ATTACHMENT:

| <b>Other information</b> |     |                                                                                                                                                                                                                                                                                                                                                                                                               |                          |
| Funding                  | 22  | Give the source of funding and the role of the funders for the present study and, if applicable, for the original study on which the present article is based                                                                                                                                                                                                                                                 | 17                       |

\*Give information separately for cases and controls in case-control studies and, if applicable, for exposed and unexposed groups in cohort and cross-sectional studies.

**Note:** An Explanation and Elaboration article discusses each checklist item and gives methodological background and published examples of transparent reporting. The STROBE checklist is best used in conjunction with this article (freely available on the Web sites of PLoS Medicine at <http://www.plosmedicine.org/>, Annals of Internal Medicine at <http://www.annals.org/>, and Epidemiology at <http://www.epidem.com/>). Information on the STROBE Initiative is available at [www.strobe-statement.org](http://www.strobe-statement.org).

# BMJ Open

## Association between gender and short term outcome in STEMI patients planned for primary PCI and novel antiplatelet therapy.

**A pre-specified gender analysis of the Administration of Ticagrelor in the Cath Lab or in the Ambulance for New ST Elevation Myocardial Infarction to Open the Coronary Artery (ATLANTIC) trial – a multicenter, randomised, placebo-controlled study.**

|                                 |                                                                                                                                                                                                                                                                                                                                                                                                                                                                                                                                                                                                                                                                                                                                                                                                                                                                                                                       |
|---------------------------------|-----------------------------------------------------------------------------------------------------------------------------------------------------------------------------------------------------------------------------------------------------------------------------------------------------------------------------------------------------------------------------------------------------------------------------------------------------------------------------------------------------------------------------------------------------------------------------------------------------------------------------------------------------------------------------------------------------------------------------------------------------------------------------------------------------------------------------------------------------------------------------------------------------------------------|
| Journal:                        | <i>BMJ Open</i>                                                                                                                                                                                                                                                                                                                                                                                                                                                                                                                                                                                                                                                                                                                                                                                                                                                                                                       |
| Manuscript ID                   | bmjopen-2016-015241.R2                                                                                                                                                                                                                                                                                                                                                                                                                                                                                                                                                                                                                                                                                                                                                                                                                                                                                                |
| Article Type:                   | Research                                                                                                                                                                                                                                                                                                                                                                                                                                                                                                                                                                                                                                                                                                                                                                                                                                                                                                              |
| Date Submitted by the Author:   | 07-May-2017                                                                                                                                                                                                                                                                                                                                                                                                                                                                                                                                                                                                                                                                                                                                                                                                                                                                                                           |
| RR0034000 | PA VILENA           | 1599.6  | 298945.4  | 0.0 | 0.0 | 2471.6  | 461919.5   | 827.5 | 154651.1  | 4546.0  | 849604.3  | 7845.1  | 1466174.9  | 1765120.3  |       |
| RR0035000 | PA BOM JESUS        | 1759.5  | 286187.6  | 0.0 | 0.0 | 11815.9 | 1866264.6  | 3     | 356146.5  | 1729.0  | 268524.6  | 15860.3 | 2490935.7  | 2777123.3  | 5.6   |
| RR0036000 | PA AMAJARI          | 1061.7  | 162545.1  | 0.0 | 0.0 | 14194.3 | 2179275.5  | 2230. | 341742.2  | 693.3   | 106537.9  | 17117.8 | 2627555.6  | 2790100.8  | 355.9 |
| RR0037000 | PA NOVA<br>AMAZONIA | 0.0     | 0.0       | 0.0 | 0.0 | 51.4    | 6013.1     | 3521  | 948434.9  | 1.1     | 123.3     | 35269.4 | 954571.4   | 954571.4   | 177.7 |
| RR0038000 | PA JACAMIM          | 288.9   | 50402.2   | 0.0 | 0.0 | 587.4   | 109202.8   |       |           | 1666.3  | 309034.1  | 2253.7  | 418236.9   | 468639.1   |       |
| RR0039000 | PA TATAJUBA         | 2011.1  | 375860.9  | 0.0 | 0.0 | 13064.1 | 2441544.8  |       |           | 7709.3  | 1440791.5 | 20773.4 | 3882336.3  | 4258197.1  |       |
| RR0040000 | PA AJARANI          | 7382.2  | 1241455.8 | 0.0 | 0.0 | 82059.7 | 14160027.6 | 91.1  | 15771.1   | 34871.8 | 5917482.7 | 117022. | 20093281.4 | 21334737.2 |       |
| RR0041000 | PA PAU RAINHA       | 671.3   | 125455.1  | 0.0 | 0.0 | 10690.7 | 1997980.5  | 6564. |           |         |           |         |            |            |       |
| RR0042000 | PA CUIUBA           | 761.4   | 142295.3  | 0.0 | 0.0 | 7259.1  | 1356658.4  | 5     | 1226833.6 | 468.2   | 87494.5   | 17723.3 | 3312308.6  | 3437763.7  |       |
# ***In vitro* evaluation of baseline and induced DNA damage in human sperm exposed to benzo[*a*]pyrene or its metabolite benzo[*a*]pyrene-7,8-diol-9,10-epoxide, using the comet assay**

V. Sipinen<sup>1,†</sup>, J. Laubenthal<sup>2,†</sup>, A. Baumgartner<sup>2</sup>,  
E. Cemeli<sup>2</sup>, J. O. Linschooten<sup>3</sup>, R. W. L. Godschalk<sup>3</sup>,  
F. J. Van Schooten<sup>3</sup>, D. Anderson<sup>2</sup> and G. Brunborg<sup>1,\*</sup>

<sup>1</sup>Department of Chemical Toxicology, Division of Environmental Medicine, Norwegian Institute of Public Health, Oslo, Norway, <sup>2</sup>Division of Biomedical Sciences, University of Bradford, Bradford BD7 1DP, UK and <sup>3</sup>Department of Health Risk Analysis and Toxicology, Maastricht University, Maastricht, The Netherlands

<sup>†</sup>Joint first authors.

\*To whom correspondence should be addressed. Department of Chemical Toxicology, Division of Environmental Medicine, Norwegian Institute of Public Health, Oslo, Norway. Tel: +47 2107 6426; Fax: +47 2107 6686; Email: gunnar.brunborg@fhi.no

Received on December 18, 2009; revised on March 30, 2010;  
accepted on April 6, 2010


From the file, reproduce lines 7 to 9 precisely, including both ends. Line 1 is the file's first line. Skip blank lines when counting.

**A pre-specified gender analysis of the Administration of Ticagrelor in the Cath Lab or in the Ambulance for New ST Elevation Myocardial Infarction to Open the Coronary Artery (ATLANTIC) trial – a multicenter, randomised, placebo-controlled study.**

|                                 |                                                                                                                                                                                                                                                                                                                                                                                                                                                                                                                                                                                                                                                                                                                                                                                                                                                                                                                       |
|---------------------------------|-----------------------------------------------------------------------------------------------------------------------------------------------------------------------------------------------------------------------------------------------------------------------------------------------------------------------------------------------------------------------------------------------------------------------------------------------------------------------------------------------------------------------------------------------------------------------------------------------------------------------------------------------------------------------------------------------------------------------------------------------------------------------------------------------------------------------------------------------------------------------------------------------------------------------|